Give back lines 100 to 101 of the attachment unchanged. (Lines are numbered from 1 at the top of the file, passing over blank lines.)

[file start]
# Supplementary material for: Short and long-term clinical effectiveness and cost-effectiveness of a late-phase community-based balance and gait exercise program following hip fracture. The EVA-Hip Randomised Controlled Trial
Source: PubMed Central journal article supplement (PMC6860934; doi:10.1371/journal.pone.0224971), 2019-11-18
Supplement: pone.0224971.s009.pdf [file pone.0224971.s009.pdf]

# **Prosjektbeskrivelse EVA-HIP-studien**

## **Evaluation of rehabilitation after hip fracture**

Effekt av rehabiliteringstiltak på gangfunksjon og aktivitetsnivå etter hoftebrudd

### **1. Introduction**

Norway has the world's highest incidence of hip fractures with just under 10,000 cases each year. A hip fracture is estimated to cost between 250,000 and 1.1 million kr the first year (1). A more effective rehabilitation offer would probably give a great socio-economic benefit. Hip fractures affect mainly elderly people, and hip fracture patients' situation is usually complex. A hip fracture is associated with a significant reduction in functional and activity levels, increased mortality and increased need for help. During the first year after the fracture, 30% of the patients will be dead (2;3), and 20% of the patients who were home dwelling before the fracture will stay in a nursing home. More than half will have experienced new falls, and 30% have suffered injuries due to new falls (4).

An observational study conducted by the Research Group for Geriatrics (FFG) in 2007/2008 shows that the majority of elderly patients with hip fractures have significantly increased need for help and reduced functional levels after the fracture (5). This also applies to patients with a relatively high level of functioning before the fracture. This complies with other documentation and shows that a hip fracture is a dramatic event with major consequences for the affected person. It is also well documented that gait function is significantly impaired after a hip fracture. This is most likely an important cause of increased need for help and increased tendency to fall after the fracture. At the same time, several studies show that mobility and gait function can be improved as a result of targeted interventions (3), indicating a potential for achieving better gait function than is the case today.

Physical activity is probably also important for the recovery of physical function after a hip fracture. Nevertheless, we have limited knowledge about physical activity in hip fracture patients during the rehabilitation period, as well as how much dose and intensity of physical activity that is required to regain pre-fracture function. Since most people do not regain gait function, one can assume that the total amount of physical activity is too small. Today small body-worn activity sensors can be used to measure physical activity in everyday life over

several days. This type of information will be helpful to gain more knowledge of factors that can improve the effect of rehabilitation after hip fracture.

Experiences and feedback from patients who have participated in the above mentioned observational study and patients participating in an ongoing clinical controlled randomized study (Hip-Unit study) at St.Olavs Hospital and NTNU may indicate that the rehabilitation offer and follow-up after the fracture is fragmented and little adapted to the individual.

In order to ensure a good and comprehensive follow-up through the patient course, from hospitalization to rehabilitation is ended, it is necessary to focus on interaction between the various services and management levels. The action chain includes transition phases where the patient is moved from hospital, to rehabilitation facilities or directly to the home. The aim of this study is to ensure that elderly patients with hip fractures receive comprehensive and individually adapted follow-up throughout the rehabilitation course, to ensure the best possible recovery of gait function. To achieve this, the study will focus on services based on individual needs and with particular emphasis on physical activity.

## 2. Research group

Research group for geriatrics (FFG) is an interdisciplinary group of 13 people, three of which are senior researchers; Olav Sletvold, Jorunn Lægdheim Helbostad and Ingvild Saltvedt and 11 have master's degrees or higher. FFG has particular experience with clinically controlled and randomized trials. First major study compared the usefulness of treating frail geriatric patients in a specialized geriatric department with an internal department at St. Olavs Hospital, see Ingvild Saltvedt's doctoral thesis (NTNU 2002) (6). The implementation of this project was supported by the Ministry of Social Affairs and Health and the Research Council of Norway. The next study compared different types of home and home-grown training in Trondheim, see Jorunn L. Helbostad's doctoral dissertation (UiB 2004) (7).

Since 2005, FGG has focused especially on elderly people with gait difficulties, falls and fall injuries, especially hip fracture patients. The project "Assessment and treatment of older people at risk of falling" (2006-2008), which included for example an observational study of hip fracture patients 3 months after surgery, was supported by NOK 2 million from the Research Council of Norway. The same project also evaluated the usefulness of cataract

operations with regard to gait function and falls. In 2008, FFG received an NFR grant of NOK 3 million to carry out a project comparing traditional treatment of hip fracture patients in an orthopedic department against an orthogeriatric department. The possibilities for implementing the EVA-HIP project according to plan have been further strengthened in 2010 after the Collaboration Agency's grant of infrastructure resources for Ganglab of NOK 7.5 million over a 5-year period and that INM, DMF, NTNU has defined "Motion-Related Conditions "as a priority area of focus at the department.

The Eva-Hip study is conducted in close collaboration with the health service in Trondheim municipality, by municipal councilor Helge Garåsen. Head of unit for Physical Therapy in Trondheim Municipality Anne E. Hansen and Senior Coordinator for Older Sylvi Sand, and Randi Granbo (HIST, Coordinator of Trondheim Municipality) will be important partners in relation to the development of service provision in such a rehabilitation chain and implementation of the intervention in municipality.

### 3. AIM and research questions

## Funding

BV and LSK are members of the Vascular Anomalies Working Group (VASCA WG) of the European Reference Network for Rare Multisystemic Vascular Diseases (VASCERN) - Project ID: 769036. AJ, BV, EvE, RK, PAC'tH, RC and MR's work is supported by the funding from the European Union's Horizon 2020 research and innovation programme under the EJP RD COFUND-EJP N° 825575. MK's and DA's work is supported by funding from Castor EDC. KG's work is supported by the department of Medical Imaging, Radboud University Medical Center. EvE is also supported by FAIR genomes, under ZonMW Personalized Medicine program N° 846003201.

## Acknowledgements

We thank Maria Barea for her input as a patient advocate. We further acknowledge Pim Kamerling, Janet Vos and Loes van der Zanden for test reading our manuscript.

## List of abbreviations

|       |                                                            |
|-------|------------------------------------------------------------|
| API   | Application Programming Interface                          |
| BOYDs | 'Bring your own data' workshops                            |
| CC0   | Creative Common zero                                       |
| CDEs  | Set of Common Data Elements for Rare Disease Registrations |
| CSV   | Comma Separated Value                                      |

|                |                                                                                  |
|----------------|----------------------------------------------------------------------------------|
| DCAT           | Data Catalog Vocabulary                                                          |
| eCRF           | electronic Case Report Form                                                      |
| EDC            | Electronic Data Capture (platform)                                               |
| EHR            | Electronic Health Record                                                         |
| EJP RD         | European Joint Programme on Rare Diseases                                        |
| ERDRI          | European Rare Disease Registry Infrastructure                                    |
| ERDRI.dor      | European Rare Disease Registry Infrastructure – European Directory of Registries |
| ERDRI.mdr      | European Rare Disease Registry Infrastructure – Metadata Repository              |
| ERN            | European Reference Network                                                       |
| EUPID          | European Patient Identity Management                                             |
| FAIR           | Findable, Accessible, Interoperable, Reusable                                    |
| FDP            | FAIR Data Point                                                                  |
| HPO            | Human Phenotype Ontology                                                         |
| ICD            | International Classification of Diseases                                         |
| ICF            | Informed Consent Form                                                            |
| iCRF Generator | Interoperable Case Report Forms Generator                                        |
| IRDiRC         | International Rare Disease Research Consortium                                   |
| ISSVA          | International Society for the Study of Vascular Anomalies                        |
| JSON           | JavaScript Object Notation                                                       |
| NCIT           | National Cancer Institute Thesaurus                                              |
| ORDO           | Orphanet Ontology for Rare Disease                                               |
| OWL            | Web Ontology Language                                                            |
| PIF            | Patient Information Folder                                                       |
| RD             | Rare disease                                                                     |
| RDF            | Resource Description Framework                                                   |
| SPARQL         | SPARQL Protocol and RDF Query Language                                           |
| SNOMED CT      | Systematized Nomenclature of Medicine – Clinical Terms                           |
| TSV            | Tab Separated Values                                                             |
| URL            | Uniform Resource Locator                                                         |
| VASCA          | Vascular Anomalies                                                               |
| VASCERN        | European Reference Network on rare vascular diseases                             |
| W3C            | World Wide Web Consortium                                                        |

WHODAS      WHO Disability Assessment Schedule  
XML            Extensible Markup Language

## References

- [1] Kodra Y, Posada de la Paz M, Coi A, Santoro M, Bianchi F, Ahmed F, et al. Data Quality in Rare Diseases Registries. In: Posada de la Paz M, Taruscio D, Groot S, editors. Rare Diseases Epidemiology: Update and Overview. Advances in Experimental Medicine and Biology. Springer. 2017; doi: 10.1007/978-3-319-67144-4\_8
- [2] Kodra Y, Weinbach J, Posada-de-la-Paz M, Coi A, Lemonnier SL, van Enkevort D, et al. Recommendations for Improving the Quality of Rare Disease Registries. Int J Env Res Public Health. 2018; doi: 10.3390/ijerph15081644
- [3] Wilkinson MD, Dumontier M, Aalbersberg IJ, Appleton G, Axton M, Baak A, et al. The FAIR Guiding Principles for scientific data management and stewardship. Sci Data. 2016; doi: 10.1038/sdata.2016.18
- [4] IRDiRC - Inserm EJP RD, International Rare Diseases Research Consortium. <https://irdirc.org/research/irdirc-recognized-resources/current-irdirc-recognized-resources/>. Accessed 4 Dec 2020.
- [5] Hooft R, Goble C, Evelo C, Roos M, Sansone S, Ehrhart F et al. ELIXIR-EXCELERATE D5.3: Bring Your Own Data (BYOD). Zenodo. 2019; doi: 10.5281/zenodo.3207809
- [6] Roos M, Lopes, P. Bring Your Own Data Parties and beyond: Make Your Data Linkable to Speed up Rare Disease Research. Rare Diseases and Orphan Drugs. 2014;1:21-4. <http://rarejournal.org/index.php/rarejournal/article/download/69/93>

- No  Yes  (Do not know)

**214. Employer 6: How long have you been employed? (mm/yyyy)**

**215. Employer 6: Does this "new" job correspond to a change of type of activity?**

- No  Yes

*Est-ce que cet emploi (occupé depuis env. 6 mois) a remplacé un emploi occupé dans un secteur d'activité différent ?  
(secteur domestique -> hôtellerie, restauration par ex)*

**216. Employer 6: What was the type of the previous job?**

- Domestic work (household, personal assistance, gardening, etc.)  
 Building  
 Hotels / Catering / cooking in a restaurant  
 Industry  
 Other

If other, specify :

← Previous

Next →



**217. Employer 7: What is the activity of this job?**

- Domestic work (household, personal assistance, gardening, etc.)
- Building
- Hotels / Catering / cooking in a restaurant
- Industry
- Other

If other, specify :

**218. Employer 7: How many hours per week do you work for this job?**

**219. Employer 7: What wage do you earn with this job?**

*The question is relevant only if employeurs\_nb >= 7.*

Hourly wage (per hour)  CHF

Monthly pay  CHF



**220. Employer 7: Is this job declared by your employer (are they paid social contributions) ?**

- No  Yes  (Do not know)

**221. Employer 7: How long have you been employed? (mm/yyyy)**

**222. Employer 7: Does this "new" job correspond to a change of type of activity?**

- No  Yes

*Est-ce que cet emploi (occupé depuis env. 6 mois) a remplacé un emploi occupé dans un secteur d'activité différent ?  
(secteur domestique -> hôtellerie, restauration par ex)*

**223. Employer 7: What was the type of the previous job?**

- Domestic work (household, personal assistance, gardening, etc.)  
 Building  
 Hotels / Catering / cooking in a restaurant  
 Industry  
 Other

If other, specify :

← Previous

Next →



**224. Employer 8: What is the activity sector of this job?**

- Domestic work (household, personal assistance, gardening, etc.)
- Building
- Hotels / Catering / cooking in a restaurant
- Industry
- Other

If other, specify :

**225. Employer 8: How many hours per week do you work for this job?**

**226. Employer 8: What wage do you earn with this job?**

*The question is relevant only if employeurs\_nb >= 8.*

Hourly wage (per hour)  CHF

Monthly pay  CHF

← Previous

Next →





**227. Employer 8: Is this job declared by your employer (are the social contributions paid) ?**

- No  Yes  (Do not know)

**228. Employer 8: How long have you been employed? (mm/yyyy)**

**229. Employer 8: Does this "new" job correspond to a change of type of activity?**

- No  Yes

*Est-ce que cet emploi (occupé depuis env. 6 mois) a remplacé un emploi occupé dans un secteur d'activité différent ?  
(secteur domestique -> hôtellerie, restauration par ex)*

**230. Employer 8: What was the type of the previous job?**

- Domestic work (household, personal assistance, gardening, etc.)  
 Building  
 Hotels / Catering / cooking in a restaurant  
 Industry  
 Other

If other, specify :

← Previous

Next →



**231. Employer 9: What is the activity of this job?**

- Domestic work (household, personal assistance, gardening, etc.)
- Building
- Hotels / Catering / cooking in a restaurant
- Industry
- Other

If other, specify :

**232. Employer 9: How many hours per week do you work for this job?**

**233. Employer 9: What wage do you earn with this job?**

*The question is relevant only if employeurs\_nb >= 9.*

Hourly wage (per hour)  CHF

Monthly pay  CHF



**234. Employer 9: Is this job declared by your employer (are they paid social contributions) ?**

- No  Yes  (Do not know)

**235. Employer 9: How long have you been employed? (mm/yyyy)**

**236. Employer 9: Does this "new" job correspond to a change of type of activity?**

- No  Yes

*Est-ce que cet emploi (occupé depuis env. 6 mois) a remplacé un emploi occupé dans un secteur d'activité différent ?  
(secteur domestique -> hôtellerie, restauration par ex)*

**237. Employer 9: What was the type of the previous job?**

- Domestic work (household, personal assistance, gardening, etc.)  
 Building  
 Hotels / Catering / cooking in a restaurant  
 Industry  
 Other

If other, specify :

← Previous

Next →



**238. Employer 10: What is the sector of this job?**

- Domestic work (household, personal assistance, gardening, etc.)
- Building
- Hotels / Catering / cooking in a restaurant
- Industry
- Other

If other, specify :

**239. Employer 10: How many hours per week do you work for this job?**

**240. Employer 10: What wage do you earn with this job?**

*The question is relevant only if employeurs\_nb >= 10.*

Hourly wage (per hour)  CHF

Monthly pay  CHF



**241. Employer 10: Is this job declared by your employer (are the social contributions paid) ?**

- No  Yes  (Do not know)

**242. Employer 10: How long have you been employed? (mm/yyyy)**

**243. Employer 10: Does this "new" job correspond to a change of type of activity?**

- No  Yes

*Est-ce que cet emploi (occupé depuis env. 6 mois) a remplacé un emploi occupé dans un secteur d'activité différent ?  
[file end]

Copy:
Hourly wage (per hour)  CHF

Monthly pay  CHF